Various Indian musical instruments, both classical and folk create complex and melodious compositions. These instruments are integral to the diverse musical genres of India, including classical music, folk music, devotional music, and popular music. Read here to learn more about the Indian Musical Instruments.
The rich and diverse musical traditions of India have indeed led to the creation of a wide variety of musical instruments.
The Indian Musical Journey is an extensive collection of over a hundred instruments, representing the creative diversity and cultural heritage of Indian music.
These instruments represent just a glimpse of the extensive and diverse musical heritage of India. They contribute to the beauty and complexity of Indian music, and each has its unique role in shaping the country’s musical landscape.
Indian Musical Instruments
The continuity of the musical traditions of India is established through a study of musical texts and numerous visual references one finds of musical instruments in painting and sculpture from prehistoric times to the present day.
- The earliest evidence of music activity is found on the walls of cave paintings at Bhimbetka and in several parts of Madhya Pradesh, which were occupied by men approximately 10,000 years ago.
- Much later, in the excavations of the Harappan Civilization, evidence is available of dance and music activity.
- The Tamil word for instrument-Karuvi is found in Sangam literature of the 2nd to 6th century A.D., the literal meaning of which is “tool”.
Over 2000 years ago, Bharata, in the Natya Shastra, classified instruments as tata (stringed instrument), sushira (wind instrument), avanaddha (percussion instrument), or ghana (solid instrument). Every one of the myriad instruments invented since then fits into one of these four timeless categories.
- The Tata Vadya or Chordophones – Stringed instruments
- The Sushira Vadya or Aerophones – Wind instruments
- The Avanaddha Vadya or Membranophones – Percussion instruments
- The Ghana Vadya or Idiophones are solid instruments that do not require tuning.
The Tata Vadya or Chordophones (Stringed instruments)
The tata vadya is a category of instruments in which sound is produced by the vibration of a string or chord. These vibrations are caused by plucking or by bowing on the string that has been pulled taut. The length of the vibrating string or wire, and the degree to which it has been tightened, determines the pitch of the note and the duration of the sound to some extent.
- Sitar: The sitar is one of the most iconic Indian instruments, known for its long neck, resonant gourd body, and sympathetic strings. It is widely used in classical music, particularly in the North Indian tradition.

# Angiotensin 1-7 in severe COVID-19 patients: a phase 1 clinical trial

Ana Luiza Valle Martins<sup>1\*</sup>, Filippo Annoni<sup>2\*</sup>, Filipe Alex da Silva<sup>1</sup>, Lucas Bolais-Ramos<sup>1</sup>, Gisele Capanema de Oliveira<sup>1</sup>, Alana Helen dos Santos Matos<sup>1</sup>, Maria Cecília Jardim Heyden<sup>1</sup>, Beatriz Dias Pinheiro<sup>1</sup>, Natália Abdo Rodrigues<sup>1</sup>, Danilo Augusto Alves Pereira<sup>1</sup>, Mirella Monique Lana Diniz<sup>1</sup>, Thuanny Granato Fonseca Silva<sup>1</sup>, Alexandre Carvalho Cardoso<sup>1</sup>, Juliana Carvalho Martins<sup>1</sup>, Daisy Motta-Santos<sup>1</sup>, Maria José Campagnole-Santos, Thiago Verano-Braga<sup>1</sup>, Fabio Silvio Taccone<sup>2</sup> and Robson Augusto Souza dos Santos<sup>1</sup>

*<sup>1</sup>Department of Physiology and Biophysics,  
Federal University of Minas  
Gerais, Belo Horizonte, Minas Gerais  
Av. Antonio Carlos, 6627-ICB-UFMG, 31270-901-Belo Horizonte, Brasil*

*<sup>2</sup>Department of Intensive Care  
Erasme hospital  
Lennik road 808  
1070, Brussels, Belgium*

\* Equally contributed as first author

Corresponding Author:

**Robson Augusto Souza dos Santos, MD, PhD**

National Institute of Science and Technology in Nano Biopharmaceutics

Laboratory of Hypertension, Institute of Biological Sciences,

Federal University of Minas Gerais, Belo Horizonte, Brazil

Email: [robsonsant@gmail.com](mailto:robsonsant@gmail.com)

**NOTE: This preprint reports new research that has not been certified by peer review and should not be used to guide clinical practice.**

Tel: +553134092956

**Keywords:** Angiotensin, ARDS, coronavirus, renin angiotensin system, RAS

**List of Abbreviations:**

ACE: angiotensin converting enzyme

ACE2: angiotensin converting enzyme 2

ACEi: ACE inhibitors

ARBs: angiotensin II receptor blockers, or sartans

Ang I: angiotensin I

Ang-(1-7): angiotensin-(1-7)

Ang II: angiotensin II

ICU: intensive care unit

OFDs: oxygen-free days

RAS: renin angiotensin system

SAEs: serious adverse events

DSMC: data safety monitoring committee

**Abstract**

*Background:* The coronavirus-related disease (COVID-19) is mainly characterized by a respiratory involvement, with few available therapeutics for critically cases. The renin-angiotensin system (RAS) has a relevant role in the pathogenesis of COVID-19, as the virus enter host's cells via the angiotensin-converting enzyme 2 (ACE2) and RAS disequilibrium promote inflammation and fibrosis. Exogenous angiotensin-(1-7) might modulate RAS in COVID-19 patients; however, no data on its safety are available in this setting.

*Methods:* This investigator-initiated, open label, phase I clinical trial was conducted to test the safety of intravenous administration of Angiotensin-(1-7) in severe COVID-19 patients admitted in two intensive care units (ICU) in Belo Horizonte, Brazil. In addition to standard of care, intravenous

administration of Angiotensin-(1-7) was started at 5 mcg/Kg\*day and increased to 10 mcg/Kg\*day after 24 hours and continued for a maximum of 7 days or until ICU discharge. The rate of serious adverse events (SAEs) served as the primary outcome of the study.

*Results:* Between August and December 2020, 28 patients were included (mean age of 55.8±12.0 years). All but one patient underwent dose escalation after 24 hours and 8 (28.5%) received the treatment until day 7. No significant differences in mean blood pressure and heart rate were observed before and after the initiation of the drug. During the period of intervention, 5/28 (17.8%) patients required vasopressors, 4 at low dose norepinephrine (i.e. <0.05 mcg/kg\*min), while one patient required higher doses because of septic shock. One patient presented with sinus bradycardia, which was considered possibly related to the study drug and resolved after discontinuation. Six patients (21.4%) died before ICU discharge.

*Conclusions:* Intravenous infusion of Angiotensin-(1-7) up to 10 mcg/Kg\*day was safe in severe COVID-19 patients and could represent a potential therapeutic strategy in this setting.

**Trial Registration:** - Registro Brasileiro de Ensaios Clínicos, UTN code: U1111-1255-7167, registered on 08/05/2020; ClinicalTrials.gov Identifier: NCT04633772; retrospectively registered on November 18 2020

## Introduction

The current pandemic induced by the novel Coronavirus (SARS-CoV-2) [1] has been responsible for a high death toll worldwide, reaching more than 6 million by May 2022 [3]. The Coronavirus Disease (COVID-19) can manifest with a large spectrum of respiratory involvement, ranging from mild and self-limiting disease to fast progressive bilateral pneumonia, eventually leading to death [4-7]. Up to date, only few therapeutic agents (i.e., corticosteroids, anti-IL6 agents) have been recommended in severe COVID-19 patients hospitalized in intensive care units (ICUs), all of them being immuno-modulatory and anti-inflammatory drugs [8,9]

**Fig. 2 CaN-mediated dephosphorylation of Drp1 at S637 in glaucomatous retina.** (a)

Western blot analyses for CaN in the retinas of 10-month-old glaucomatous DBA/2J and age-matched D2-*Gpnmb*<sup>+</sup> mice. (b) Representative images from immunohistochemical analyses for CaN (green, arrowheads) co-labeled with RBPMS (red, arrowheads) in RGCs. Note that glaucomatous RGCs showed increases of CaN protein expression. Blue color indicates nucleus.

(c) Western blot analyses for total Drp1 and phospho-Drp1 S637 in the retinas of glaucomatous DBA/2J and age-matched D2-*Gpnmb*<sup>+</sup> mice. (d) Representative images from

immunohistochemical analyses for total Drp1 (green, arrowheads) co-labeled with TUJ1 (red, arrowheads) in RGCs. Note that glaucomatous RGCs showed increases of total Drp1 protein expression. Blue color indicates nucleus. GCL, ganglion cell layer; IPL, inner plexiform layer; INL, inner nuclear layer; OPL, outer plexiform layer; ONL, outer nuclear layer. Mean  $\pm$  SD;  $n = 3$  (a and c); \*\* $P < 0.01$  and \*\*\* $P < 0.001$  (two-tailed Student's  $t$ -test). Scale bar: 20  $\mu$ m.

- Veena: The veena is an ancient and traditional string instrument. It comes in various forms, with the Saraswati veena and the Rudra veena being notable examples. The veena is used in Carnatic music, the classical music tradition of South India.
- Sarod: The sarod is a fretless, plucked string instrument that is prominent in North Indian classical music. It has a metallic fingerboard, and its sound is characterized by its sharp, resonant tone.
- Violin: The violin has been adapted into Indian classical music and is used extensively in Carnatic music. It is a Western instrument that has been integrated into Indian classical traditions.
- Tanpura: The tanpura is a long-necked, plucked instrument that provides a continuous drone in Indian classical music. It helps musicians maintain pitch and rhythm.
- Ektara: The ektara is a simple, one-stringed instrument with a resonator made from a gourd. It is widely used in folk music, especially in regions like Bengal.
- Sarangi: The sarangi is a bowed string instrument that is used in various forms of Indian music, including classical and folk. It is known for its emotive and soulful sound.
- Santoor: It is a 100-string instrument and is a traditional instrument of Jammu and Kashmir from ancient times. Sufiana kalam music is accompanied by Santoor.
The Sushira Vadya or Aerophones (Wind instruments)
In the Sushira Vadya group, sound is produced by blowing air into a hollow column. The pitch of the note is determined by controlling the air passage and the melody is played by using the fingers to open and close the instrument.
- Flute: The bamboo flute, known as the bansuri, is a key wind instrument in both North and South Indian classical music. It is popular for its lyrical and melodic qualities.